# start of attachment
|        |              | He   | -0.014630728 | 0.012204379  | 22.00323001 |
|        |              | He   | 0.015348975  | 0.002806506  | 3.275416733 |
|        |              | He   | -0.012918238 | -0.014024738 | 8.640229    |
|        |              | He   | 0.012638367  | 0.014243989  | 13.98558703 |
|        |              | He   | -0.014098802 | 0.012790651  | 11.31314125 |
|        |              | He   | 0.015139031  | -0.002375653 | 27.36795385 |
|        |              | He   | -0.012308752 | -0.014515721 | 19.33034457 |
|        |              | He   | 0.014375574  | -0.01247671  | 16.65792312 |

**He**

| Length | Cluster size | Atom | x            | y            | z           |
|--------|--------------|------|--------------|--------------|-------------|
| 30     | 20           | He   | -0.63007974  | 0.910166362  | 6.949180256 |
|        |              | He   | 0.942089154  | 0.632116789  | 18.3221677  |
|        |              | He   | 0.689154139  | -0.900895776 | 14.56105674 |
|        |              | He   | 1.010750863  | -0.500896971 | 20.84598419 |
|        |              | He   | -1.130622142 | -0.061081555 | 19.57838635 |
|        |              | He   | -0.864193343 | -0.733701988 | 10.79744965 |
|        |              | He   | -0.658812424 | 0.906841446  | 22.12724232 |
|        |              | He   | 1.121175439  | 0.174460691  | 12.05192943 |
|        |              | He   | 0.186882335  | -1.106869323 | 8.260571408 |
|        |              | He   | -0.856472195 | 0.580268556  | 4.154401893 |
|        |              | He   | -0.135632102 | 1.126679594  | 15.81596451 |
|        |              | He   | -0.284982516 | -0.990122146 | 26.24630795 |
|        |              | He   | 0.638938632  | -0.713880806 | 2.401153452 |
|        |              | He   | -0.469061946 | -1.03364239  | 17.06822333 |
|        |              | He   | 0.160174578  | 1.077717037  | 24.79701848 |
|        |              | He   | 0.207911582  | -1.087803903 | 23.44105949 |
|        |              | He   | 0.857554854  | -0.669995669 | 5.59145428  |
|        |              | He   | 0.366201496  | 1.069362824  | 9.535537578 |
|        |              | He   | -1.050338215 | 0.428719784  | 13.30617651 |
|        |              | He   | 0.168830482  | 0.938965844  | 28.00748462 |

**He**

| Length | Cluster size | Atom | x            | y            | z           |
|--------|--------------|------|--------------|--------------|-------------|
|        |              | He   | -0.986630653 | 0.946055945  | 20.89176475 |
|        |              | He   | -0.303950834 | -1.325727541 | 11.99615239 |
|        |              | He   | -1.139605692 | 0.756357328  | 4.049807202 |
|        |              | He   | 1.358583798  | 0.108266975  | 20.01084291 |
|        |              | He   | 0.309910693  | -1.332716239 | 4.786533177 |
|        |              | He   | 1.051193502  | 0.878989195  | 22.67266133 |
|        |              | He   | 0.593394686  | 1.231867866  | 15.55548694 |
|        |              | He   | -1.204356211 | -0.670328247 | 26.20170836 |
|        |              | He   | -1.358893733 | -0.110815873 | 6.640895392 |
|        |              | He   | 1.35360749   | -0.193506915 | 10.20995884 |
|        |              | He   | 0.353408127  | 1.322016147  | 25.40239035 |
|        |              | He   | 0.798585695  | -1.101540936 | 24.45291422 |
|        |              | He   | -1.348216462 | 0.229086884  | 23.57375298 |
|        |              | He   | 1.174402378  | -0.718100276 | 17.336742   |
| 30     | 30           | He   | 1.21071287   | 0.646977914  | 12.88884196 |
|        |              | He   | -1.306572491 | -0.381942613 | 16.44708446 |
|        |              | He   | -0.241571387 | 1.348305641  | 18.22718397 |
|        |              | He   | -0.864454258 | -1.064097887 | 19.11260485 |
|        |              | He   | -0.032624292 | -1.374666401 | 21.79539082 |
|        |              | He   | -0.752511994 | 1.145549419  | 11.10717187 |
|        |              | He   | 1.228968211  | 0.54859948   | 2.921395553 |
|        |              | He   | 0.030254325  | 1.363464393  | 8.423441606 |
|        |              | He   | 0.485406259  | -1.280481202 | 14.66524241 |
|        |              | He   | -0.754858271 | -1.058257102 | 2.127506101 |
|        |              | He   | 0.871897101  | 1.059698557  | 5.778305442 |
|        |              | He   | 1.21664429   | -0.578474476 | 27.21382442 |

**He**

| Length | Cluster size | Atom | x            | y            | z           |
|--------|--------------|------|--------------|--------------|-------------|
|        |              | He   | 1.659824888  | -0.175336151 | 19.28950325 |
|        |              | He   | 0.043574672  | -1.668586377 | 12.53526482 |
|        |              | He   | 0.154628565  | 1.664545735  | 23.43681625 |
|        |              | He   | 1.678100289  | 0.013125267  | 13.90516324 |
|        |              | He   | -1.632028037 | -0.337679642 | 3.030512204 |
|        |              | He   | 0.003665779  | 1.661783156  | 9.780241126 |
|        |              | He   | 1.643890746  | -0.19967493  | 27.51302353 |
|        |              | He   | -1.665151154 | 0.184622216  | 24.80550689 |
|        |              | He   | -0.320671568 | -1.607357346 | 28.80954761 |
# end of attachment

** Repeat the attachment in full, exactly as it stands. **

|        |              | He   | -0.014630728 | 0.012204379  | 22.00323001 |
|        |              | He   | 0.015348975  | 0.002806506  | 3.275416733 |
|        |              | He   | -0.012918238 | -0.014024738 | 8.640229    |
|        |              | He   | 0.012638367  | 0.014243989  | 13.98558703 |
|        |              | He   | -0.014098802 | 0.012790651  | 11.31314125 |
|        |              | He   | 0.015139031  | -0.002375653 | 27.36795385 |
|        |              | He   | -0.012308752 | -0.014515721 | 19.33034457 |
|        |              | He   | 0.014375574  | -0.01247671  | 16.65792312 |

**He**

| Length | Cluster size | Atom | x            | y            | z           |
|--------|--------------|------|--------------|--------------|-------------|
| 30     | 20           | He   | -0.63007974  | 0.910166362  | 6.949180256 |
|        |              | He   | 0.942089154  | 0.632116789  | 18.3221677  |
|        |              | He   | 0.689154139  | -0.900895776 | 14.56105674 |
|        |              | He   | 1.010750863  | -0.500896971 | 20.84598419 |
|        |              | He   | -1.130622142 | -0.061081555 | 19.57838635 |
|        |              | He   | -0.864193343 | -0.733701988 | 10.79744965 |
|        |              | He   | -0.658812424 | 0.906841446  | 22.12724232 |
|        |              | He   | 1.121175439  | 0.174460691  | 12.05192943 |
|        |              | He   | 0.186882335  | -1.106869323 | 8.260571408 |
|        |              | He   | -0.856472195 | 0.580268556  | 4.154401893 |
|        |              | He   | -0.135632102 | 1.126679594  | 15.81596451 |
|        |              | He   | -0.284982516 | -0.990122146 | 26.24630795 |
|        |              | He   | 0.638938632  | -0.713880806 | 2.401153452 |
|        |              | He   | -0.469061946 | -1.03364239  | 17.06822333 |
|        |              | He   | 0.160174578  | 1.077717037  | 24.79701848 |
|        |              | He   | 0.207911582  | -1.087803903 | 23.44105949 |
|        |              | He   | 0.857554854  | -0.669995669 | 5.59145428  |
|        |              | He   | 0.366201496  | 1.069362824  | 9.535537578 |
|        |              | He   | -1.050338215 | 0.428719784  | 13.30617651 |
|        |              | He   | 0.168830482  | 0.938965844  | 28.00748462 |

**He**

| Length | Cluster size | Atom | x            | y            | z           |
|--------|--------------|------|--------------|--------------|-------------|
|        |              | He   | -0.986630653 | 0.946055945  | 20.89176475 |
|        |              | He   | -0.303950834 | -1.325727541 | 11.99615239 |
|        |              | He   | -1.139605692 | 0.756357328  | 4.049807202 |
|        |              | He   | 1.358583798  | 0.108266975  | 20.01084291 |
|        |              | He   | 0.309910693  | -1.332716239 | 4.786533177 |
|        |              | He   | 1.051193502  | 0.878989195  | 22.67266133 |
|        |              | He   | 0.593394686  | 1.231867866  | 15.55548694 |
|        |              | He   | -1.204356211 | -0.670328247 | 26.20170836 |
|        |              | He   | -1.358893733 | -0.110815873 | 6.640895392 |
|        |              | He   | 1.35360749   | -0.193506915 | 10.20995884 |
|        |              | He   | 0.353408127  | 1.322016147  | 25.40239035 |
|        |              | He   | 0.798585695  | -1.101540936 | 24.45291422 |
|        |              | He   | -1.348216462 | 0.229086884  | 23.57375298 |
|        |              | He   | 1.174402378  | -0.718100276 | 17.336742   |
| 30     | 30           | He   | 1.21071287   | 0.646977914  | 12.88884196 |
|        |              | He   | -1.306572491 | -0.381942613 | 16.44708446 |
|        |              | He   | -0.241571387 | 1.348305641  | 18.22718397 |
|        |              | He   | -0.864454258 | -1.064097887 | 19.11260485 |
|        |              | He   | -0.032624292 | -1.374666401 | 21.79539082 |
|        |              | He   | -0.752511994 | 1.145549419  | 11.10717187 |
|        |              | He   | 1.228968211  | 0.54859948   | 2.921395553 |
|        |              | He   | 0.030254325  | 1.363464393  | 8.423441606 |
|        |              | He   | 0.485406259  | -1.280481202 | 14.66524241 |
|        |              | He   | -0.754858271 | -1.058257102 | 2.127506101 |
|        |              | He   | 0.871897101  | 1.059698557  | 5.778305442 |
|        |              | He   | 1.21664429   | -0.578474476 | 27.21382442 |

**He**

| Length | Cluster size | Atom | x            | y            | z           |
|--------|--------------|------|--------------|--------------|-------------|
|        |              | He   | 1.659824888  | -0.175336151 | 19.28950325 |
|        |              | He   | 0.043574672  | -1.668586377 | 12.53526482 |
|        |              | He   | 0.154628565  | 1.664545735  | 23.43681625 |
|        |              | He   | 1.678100289  | 0.013125267  | 13.90516324 |
|        |              | He   | -1.632028037 | -0.337679642 | 3.030512204 |
|        |              | He   | 0.003665779  | 1.661783156  | 9.780241126 |
|        |              | He   | 1.643890746  | -0.19967493  | 27.51302353 |
|        |              | He   | -1.665151154 | 0.184622216  | 24.80550689 |
|        |              | He   | -0.320671568 | -1.607357346 | 28.80954761 |